Art HK opened yesterday in the dazzling white Hong Kong Convention and Exhibition Centre. The fair was spread across two halls in the centre – one on the first floor and one on the third floor. And although the third floor held galleries of equal stature to the first floor, there was a sense in the air that the first floor was going to command better foot traffic. But it was hard to tell and no one was admitting to any consternation about their placement.
While the fair didn’t have the showiness of its counterpart in Miami, there was still a lot of focus on the issue of money, whether intentional or accidental. One gallery laid out its booth with the names of the artists painted in large letters over their work, which almost seemed to position the pieces as branded goods instead of art works.
Ana Prvacki, titled At the Tips of your Fingertips (Towards a Clean Money Culture)
Lombard Freid Gallery has a witty video piece (with an installation of money bags with HK$10 notes bulging out of them) by Ana Prvacki, titled At the Tips of your Fingertips (Towards a Clean Money Culture). The instructional DVD shows the viewer the best way to “launder” money in order to prevent the spread of deadly diseases on dirty notes.
Horváth Tibor Donation for the Benefit of Democracy
Over at ACB Gallery, Horváth Tibor also created a work featuring real cash. Donation for the Benefit of Democracy is a metal sculpture with slots to insert coins or notes. However, there is no container underneath the top panel and the money lies scattered on the floor below. The piece is described as “a bottom-less money box for the benefit of democracy” – we shall have to see if the pile of money grows in the coming days.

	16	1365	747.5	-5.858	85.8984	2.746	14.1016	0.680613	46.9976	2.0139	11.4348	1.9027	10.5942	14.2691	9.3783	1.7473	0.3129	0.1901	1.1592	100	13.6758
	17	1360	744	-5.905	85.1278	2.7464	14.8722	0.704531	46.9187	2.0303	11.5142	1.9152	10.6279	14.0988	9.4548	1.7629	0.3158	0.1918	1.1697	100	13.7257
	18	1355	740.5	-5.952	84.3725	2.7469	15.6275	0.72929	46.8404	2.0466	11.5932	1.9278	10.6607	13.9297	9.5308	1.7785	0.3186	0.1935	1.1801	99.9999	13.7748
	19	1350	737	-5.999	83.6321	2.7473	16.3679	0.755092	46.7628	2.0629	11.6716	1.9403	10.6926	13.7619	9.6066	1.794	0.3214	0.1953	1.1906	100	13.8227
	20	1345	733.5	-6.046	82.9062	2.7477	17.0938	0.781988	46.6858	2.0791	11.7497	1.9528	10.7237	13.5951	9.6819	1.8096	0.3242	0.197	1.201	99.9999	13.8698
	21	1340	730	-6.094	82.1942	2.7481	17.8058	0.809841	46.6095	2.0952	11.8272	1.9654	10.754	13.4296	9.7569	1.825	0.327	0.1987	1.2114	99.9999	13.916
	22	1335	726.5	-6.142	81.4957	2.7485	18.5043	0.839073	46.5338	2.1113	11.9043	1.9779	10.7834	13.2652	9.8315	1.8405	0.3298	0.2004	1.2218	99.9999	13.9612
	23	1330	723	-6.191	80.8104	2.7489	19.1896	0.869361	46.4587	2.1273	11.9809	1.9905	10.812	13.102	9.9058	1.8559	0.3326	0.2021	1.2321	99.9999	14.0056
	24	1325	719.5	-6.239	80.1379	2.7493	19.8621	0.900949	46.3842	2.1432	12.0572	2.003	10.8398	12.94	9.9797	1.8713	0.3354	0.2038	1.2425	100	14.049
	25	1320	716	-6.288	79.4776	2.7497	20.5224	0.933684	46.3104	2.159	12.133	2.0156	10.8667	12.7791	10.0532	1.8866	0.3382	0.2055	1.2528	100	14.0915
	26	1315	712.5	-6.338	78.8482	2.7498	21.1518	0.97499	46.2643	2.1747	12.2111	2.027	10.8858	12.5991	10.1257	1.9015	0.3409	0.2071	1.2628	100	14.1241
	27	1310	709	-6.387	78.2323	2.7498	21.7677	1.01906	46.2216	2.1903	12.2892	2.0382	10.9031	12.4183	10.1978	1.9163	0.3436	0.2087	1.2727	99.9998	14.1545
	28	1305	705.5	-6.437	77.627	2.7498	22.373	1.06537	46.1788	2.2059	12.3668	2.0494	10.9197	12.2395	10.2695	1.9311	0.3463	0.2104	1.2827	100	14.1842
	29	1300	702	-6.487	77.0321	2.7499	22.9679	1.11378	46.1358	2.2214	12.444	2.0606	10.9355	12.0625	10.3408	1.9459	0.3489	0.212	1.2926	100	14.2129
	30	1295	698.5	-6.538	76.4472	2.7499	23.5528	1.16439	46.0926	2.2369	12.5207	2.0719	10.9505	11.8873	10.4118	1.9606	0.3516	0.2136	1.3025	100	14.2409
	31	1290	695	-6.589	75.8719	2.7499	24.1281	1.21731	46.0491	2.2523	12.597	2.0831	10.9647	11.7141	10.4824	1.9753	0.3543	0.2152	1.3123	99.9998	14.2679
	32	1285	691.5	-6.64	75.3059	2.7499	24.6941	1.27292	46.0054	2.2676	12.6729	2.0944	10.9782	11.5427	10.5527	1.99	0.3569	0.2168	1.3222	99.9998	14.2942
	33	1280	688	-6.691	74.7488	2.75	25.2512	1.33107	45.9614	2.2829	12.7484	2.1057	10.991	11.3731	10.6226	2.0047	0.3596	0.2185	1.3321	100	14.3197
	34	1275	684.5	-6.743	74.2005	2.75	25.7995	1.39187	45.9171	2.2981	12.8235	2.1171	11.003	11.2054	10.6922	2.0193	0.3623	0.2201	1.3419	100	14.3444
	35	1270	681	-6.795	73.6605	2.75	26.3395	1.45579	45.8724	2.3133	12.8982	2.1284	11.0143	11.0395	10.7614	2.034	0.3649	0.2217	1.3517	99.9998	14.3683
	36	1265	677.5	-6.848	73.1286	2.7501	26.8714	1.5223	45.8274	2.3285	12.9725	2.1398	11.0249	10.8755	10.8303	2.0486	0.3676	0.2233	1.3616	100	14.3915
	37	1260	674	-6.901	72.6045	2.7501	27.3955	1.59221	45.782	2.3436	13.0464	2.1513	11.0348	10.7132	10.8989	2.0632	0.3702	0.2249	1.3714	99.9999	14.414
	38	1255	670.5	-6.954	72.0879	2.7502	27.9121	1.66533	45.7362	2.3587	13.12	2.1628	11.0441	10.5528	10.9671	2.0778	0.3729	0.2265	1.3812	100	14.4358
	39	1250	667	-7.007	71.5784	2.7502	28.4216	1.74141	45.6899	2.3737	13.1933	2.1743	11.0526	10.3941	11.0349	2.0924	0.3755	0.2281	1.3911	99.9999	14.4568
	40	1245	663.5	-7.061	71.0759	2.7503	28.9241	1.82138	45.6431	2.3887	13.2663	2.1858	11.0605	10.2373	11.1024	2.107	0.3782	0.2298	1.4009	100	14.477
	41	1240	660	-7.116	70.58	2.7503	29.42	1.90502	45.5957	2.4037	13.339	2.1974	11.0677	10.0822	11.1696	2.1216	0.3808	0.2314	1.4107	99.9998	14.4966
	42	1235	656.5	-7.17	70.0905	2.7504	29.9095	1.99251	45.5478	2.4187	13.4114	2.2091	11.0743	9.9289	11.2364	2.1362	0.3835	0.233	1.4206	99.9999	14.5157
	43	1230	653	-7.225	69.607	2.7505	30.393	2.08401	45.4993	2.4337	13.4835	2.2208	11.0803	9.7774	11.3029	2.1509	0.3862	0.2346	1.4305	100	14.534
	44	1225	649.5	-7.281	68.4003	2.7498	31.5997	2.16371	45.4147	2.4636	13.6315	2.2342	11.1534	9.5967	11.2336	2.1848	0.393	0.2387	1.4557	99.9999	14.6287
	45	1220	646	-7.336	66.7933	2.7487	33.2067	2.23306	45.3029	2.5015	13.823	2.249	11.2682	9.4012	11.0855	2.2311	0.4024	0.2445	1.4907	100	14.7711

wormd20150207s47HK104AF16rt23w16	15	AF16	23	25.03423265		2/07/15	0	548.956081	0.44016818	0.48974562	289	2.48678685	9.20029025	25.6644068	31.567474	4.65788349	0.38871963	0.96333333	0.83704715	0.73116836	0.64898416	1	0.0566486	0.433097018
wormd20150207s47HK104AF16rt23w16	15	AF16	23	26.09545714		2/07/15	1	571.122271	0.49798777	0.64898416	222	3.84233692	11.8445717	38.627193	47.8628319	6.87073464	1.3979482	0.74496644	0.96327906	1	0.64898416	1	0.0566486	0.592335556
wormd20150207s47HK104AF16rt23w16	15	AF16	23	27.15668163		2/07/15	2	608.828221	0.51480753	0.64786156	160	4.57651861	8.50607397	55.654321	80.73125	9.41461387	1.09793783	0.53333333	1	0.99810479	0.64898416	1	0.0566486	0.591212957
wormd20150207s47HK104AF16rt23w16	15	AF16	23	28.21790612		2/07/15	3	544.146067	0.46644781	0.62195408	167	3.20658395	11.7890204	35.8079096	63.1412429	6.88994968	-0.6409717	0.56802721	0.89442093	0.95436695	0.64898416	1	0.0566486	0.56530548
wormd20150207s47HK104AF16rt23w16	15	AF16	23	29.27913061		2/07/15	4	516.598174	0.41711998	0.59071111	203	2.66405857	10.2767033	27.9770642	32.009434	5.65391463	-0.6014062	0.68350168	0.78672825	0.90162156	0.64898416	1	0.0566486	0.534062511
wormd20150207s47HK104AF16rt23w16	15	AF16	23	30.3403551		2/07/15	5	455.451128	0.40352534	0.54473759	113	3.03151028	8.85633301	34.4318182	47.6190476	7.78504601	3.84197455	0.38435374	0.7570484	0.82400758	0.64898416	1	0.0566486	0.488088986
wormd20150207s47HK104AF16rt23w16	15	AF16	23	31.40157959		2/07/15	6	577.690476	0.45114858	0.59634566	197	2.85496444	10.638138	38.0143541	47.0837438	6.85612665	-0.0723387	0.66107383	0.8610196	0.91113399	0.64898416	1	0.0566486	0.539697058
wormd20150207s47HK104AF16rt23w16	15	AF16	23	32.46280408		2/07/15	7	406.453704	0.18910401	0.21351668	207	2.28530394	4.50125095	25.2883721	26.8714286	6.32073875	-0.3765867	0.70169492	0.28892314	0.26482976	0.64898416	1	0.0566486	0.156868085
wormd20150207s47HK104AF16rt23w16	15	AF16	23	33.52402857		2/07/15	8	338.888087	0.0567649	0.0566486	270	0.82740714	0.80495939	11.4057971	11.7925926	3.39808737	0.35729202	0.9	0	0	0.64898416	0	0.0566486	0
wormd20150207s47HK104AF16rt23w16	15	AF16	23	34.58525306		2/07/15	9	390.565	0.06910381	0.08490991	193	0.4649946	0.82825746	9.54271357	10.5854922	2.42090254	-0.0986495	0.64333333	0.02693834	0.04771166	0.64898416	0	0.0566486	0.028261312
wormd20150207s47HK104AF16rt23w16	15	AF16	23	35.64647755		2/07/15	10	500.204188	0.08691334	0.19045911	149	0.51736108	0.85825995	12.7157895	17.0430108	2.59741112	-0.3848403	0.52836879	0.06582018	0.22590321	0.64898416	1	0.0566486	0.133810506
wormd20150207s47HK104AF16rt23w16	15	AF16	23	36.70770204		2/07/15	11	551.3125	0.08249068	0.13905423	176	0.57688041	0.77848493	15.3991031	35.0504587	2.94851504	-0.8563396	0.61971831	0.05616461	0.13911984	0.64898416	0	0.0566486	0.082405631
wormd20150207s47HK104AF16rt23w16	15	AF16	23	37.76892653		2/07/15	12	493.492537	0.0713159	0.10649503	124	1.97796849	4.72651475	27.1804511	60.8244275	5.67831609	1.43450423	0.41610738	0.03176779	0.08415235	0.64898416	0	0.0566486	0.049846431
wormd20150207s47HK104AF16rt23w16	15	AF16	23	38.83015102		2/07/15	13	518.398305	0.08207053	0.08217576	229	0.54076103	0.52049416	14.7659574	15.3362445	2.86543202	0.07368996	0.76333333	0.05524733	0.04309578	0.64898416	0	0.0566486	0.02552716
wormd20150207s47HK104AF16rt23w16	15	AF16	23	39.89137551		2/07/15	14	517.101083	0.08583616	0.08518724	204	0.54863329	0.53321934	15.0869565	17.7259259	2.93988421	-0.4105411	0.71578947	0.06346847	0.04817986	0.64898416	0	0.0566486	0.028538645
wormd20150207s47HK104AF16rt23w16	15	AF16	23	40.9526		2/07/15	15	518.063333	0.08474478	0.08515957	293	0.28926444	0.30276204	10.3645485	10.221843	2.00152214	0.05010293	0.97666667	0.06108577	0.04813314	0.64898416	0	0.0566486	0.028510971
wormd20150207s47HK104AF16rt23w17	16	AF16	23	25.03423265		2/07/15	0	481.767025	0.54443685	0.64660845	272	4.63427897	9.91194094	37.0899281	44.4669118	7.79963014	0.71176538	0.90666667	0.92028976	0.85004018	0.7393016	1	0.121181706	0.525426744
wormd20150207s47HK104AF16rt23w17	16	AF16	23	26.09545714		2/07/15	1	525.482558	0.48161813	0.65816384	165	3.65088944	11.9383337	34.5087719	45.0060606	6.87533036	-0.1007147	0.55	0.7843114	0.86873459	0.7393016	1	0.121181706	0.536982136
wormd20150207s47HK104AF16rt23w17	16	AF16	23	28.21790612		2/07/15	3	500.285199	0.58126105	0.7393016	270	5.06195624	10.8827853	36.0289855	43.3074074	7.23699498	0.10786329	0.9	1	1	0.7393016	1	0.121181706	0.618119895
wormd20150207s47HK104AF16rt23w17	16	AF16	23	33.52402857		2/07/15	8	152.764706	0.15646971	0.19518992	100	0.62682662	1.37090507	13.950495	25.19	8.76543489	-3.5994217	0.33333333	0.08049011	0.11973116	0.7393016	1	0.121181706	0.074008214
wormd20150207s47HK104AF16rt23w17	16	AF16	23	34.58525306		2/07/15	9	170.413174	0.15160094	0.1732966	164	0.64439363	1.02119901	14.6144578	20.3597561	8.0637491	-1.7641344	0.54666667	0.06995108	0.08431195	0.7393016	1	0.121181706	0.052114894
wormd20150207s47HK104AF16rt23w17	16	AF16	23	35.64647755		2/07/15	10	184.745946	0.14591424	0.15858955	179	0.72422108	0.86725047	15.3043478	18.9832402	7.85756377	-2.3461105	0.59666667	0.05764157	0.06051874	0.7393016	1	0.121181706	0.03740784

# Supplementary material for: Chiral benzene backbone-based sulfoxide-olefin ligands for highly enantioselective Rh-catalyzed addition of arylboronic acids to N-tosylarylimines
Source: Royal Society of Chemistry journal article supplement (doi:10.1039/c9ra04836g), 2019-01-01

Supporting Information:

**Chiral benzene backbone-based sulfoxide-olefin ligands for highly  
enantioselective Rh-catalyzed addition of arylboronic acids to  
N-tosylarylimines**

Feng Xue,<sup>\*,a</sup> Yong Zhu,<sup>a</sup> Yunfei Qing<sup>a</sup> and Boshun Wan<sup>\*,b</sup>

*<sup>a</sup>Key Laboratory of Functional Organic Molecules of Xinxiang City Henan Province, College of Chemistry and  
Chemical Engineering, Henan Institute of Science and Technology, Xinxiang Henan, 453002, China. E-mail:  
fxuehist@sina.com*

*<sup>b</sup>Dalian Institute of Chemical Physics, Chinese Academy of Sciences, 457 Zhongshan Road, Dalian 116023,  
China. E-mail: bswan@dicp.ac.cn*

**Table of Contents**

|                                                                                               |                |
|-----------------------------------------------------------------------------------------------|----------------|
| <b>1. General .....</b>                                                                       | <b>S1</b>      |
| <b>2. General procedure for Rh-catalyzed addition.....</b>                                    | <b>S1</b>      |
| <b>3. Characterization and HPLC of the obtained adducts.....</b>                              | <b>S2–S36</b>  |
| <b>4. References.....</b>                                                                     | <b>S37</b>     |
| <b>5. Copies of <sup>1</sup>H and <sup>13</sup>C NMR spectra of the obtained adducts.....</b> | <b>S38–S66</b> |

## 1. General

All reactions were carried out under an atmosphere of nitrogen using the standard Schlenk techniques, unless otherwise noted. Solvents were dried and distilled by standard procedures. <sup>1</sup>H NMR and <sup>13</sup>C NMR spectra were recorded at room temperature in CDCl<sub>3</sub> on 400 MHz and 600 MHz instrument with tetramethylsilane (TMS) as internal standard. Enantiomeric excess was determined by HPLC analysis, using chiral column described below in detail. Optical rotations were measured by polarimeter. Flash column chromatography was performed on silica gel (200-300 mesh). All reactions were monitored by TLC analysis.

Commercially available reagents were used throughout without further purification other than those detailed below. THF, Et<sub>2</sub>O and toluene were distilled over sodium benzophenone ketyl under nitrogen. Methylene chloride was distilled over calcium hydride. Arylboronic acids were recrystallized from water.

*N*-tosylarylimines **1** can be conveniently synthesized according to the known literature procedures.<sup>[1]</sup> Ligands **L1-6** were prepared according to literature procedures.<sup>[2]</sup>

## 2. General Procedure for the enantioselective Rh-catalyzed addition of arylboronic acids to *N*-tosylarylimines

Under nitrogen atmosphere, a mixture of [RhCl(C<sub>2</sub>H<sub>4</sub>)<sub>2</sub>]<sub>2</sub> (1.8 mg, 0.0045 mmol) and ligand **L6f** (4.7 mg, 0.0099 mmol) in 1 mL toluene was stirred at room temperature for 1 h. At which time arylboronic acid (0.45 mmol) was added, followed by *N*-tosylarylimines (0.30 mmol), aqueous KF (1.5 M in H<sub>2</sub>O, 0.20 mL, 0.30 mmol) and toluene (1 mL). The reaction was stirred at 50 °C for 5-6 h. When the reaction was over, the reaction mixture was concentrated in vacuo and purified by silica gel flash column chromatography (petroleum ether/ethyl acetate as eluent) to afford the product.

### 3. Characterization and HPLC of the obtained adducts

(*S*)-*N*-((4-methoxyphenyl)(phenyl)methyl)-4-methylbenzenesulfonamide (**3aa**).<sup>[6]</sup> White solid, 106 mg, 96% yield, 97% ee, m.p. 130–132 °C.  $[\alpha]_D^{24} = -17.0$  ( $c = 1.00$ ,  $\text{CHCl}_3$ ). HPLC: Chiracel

Pace Gallery artist Yin Xiuzhen is exhibiting as part of the Art HK Projects. Black Hole is a massive sculpture constructed from used shipping containers, but will be of interest to women around the world. The containers have been reconstructed into the shape of a “signature round cut diamond”, and a colour-changing light radiates through the gaps of the metal, reminiscent of the light refracting from a multi-faceted diamond.
Gilbert & George
And lastly, an art-work which many Hong Kongers will be able to empathise with. ARNDT Gallery has one of Gilbert and George’s works hanging on the exterior of their booth to remind visitors that there is always somewhere that will be VIP Only…